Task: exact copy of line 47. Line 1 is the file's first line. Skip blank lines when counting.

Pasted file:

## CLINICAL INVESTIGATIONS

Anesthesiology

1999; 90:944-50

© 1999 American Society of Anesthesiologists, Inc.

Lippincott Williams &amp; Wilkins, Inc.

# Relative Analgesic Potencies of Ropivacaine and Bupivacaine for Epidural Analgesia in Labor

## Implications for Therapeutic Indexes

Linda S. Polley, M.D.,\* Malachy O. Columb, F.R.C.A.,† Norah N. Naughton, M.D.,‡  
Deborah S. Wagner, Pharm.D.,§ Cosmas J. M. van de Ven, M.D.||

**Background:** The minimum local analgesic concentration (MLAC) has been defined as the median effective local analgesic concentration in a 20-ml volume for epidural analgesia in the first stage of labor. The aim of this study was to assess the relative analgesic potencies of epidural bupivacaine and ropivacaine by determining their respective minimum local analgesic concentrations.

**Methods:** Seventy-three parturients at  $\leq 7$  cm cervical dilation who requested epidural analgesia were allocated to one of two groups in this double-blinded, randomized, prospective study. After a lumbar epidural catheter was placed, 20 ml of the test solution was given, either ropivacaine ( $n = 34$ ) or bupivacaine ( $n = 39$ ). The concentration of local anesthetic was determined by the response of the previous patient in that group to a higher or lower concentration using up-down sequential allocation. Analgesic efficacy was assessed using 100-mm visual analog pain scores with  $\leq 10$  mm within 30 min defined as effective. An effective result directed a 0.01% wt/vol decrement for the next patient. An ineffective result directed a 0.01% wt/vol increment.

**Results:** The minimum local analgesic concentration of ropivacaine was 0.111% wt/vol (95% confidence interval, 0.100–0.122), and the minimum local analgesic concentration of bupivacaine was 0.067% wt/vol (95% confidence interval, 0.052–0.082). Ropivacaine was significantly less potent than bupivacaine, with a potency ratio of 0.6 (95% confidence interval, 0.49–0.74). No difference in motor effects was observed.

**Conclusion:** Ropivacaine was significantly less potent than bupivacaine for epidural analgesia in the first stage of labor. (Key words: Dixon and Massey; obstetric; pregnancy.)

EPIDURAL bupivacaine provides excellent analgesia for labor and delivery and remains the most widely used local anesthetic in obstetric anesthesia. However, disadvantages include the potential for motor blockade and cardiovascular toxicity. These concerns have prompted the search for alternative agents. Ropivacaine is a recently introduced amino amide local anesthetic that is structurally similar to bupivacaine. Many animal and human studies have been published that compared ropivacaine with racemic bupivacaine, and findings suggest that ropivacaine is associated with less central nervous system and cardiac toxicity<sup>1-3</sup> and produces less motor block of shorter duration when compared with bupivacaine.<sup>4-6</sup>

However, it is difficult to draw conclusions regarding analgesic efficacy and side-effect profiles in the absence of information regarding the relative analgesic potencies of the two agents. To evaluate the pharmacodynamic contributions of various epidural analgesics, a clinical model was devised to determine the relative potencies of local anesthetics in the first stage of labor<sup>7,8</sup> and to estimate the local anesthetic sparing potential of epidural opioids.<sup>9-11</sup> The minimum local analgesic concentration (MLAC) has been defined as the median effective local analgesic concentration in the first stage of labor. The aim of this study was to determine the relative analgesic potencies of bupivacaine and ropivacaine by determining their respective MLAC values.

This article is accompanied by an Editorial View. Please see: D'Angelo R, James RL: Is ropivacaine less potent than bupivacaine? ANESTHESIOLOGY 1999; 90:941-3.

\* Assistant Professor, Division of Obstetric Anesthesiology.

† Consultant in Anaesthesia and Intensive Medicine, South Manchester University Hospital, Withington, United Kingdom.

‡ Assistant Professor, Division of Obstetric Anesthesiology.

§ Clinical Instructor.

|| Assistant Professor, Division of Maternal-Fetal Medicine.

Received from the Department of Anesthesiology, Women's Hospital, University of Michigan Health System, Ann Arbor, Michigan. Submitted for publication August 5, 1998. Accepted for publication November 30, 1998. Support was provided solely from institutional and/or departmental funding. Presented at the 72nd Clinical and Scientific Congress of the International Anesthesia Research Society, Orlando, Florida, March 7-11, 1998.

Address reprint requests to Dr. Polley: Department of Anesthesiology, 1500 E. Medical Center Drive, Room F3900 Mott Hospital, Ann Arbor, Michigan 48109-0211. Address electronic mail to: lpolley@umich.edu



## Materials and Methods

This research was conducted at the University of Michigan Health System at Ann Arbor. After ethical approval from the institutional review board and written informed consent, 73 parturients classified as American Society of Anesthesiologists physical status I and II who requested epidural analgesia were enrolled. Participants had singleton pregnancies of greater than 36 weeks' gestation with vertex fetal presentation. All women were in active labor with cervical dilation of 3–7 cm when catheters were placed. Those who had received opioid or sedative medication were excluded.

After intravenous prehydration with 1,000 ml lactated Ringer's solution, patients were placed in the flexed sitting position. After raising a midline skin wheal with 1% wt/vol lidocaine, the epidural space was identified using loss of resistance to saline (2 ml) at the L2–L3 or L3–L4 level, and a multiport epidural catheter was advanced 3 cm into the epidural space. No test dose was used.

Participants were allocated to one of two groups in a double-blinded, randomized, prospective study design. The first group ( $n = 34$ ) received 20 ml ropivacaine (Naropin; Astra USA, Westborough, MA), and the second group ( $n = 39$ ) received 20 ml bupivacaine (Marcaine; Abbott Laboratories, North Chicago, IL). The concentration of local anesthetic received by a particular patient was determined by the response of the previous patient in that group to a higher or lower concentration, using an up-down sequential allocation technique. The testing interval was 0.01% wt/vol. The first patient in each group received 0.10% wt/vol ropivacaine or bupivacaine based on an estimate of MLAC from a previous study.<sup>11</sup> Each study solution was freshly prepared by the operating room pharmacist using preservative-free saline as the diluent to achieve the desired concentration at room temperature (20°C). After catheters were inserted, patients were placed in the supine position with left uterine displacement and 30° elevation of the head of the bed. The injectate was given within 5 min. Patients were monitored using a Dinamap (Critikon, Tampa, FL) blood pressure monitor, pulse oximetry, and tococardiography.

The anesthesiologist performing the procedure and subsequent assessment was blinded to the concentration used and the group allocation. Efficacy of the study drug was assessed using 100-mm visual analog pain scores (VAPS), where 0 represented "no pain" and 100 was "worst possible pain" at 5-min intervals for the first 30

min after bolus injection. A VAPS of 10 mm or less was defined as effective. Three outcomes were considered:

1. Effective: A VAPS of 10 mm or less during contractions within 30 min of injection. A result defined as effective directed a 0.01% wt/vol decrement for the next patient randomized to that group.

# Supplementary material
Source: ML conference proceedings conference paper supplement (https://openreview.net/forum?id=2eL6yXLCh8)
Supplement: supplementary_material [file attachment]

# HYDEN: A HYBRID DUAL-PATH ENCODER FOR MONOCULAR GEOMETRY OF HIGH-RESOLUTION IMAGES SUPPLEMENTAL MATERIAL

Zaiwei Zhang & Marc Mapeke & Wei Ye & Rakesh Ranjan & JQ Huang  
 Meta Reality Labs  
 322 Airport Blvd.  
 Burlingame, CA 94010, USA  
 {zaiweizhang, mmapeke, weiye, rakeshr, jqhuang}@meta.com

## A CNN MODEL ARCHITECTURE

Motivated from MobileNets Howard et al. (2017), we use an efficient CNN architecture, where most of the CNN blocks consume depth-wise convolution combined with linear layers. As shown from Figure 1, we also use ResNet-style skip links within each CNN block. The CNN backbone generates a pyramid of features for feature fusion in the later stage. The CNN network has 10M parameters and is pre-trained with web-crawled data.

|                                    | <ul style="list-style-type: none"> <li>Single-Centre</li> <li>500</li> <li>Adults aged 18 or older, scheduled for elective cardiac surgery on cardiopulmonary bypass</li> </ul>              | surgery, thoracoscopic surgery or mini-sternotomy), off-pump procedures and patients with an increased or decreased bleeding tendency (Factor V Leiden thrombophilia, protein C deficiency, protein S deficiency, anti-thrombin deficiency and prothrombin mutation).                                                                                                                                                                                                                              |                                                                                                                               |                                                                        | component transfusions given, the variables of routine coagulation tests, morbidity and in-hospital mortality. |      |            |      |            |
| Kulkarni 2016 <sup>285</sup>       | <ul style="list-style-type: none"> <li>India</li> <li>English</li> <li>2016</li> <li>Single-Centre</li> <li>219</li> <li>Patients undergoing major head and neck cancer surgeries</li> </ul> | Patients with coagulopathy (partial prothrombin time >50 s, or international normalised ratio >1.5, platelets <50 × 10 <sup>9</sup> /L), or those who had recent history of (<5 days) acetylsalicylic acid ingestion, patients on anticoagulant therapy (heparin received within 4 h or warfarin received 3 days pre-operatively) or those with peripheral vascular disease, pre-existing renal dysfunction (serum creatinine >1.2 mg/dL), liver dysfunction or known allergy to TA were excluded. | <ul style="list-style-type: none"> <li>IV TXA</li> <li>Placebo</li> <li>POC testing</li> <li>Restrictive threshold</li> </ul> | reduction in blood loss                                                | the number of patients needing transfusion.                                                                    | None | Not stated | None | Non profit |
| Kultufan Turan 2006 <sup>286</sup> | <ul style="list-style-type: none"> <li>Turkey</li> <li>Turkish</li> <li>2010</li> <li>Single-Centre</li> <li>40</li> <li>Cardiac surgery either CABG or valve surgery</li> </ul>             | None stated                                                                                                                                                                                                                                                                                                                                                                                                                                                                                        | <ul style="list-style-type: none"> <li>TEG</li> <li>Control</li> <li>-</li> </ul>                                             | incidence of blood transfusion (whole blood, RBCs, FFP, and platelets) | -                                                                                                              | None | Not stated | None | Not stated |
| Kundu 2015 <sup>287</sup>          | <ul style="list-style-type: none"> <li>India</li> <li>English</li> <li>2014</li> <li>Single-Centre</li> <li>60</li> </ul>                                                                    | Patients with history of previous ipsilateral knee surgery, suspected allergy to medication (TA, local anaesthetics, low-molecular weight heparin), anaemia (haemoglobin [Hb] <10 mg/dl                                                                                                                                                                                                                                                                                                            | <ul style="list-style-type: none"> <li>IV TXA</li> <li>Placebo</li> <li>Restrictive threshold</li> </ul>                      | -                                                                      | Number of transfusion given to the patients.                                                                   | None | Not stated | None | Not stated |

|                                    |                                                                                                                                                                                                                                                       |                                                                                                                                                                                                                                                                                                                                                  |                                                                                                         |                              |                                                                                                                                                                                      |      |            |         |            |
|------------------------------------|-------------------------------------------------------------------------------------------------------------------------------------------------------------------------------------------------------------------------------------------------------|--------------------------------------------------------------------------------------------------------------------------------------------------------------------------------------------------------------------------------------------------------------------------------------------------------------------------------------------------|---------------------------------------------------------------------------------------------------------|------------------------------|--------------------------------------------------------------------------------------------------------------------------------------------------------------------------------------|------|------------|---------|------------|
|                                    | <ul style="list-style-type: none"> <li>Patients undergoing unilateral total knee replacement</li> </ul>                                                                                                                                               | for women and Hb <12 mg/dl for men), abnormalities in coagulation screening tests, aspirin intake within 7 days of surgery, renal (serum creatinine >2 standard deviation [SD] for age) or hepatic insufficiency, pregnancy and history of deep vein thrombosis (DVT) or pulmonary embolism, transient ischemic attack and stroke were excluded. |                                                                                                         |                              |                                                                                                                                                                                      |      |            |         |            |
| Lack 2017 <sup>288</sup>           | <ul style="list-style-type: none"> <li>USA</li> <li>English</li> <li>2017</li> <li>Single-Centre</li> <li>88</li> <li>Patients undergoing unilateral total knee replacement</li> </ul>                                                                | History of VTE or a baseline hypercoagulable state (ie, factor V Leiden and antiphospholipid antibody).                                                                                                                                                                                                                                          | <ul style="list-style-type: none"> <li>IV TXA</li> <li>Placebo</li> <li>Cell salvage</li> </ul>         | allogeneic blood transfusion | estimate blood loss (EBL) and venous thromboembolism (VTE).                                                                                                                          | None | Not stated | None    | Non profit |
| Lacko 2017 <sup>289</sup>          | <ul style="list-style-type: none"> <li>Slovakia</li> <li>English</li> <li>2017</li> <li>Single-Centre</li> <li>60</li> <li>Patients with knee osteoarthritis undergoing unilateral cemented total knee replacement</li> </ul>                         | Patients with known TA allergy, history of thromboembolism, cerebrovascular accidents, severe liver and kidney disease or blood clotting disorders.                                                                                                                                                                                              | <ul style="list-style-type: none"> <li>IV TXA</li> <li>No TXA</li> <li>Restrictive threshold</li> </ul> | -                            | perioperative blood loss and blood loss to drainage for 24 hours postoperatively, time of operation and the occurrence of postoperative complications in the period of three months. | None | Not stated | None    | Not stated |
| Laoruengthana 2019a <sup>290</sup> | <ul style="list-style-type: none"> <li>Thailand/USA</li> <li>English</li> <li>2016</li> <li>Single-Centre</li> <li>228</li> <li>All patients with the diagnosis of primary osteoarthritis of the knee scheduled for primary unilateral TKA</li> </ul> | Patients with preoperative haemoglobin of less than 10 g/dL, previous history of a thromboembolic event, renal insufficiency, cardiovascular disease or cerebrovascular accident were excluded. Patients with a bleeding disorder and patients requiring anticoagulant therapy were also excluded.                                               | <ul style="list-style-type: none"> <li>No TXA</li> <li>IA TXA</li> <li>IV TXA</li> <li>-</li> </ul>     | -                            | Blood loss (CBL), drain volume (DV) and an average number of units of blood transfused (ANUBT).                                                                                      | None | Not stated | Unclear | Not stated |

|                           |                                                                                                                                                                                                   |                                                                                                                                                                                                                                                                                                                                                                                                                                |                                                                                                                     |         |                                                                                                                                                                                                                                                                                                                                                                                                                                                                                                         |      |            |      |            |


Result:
|------------------------------------|-------------------------------------------------------------------------------------------------------------------------------------------------------------------------------------------------------------------------------------------------------|--------------------------------------------------------------------------------------------------------------------------------------------------------------------------------------------------------------------------------------------------------------------------------------------------------------------------------------------------|---------------------------------------------------------------------------------------------------------|------------------------------|--------------------------------------------------------------------------------------------------------------------------------------------------------------------------------------|------|------------|---------|------------|